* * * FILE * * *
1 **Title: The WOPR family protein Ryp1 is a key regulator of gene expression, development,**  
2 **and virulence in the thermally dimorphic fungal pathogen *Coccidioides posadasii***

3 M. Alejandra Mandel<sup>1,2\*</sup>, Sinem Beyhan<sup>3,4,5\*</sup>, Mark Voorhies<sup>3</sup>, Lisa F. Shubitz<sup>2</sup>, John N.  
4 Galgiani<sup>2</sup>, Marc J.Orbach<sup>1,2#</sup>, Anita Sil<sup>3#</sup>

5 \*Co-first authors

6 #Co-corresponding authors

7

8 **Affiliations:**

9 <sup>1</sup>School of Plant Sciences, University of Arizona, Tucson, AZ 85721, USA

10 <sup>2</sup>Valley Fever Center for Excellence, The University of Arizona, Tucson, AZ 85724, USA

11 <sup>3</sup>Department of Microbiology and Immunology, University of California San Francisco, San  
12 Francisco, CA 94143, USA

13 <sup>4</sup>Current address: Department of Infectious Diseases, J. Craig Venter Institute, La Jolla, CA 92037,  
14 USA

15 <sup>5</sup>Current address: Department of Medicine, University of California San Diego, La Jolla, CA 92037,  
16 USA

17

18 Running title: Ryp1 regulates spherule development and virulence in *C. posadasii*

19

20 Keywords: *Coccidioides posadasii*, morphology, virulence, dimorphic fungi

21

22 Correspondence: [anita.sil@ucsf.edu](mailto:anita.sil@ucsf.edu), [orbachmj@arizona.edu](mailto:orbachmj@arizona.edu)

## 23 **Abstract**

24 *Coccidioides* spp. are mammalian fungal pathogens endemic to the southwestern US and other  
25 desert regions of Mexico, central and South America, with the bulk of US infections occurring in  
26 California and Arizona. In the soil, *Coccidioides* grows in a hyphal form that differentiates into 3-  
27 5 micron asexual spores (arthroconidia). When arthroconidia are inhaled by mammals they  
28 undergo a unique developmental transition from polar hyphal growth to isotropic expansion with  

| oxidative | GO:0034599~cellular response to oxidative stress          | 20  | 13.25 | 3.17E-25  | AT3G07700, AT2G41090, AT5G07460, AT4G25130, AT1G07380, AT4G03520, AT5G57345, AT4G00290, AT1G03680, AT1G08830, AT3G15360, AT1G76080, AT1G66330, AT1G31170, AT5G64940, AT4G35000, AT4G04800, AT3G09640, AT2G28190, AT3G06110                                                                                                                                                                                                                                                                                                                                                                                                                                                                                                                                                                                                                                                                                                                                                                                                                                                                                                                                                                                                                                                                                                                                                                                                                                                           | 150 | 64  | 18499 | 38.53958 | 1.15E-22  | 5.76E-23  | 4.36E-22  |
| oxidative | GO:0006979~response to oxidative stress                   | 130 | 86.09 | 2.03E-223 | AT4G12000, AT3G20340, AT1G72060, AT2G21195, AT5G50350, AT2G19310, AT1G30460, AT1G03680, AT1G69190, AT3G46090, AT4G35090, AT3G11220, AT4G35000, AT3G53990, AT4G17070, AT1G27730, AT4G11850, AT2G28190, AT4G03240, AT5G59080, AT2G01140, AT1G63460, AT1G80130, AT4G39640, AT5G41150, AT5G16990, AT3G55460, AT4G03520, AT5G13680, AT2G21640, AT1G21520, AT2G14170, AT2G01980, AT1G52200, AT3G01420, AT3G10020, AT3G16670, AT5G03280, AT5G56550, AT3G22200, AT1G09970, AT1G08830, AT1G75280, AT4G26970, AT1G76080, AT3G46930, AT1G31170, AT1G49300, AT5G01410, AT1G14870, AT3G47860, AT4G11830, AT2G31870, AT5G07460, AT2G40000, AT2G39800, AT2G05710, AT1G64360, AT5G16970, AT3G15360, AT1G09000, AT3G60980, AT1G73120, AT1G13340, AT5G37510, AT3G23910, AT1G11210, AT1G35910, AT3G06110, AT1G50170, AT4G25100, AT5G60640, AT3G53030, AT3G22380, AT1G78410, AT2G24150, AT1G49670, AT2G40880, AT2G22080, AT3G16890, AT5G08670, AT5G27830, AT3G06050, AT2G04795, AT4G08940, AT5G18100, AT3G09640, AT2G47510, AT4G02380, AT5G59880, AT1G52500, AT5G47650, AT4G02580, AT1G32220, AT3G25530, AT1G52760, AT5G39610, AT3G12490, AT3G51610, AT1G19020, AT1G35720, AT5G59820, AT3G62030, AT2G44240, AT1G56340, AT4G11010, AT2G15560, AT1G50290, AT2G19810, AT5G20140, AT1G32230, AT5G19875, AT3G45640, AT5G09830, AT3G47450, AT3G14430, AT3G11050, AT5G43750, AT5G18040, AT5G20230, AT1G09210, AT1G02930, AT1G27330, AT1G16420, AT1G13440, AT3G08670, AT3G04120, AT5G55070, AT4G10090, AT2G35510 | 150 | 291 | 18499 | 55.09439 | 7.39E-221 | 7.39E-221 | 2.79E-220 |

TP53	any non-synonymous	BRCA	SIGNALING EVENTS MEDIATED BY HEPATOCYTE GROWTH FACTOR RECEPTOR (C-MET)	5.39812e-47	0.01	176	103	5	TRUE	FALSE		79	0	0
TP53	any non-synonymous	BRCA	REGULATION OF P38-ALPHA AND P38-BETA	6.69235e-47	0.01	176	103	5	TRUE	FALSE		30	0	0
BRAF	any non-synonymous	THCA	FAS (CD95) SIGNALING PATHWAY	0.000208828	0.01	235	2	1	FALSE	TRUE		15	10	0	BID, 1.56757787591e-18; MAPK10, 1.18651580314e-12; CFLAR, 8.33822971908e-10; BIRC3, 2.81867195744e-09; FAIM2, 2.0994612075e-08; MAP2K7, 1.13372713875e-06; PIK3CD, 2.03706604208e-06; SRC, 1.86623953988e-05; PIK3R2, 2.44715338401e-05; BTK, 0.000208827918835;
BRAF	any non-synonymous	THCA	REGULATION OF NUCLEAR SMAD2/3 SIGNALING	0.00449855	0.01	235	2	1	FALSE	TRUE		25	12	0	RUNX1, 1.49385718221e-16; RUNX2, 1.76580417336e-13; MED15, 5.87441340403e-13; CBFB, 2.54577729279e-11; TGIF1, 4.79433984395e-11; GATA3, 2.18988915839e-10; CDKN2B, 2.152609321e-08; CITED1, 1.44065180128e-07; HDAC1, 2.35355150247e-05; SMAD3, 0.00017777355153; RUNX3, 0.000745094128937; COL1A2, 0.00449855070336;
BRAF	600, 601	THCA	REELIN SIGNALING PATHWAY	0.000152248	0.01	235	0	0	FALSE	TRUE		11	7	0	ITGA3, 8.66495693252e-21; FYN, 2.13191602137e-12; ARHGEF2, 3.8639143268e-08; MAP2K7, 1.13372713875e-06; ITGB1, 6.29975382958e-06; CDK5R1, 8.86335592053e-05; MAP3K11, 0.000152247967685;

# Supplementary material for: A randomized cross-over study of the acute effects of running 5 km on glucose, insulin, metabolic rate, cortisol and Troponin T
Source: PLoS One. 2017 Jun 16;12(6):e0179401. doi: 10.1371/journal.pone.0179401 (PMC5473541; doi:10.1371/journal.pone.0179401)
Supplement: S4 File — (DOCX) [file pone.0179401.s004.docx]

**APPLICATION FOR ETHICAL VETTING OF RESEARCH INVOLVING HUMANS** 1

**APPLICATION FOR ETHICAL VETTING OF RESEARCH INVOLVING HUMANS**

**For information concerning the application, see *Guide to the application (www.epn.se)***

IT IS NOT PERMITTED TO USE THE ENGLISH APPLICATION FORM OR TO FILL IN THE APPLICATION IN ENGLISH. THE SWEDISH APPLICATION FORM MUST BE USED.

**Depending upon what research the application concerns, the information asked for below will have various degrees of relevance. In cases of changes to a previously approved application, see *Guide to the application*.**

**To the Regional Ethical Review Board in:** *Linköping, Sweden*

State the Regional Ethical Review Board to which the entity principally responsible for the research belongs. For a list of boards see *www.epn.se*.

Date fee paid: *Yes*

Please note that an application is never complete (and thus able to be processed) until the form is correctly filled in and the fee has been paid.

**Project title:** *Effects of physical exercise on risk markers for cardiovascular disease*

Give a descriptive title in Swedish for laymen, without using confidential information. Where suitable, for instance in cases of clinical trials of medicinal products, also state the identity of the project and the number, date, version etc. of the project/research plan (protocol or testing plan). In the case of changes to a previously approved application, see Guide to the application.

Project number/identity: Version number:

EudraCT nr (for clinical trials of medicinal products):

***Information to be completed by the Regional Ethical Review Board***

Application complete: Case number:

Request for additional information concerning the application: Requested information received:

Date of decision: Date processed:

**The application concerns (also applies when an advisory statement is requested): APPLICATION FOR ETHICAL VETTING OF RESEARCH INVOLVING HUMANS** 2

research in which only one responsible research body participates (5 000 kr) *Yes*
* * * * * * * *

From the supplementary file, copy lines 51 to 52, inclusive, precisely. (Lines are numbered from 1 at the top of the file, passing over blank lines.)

EudraCT nr (for clinical trials of medicinal products):

***Information to be completed by the Regional Ethical Review Board***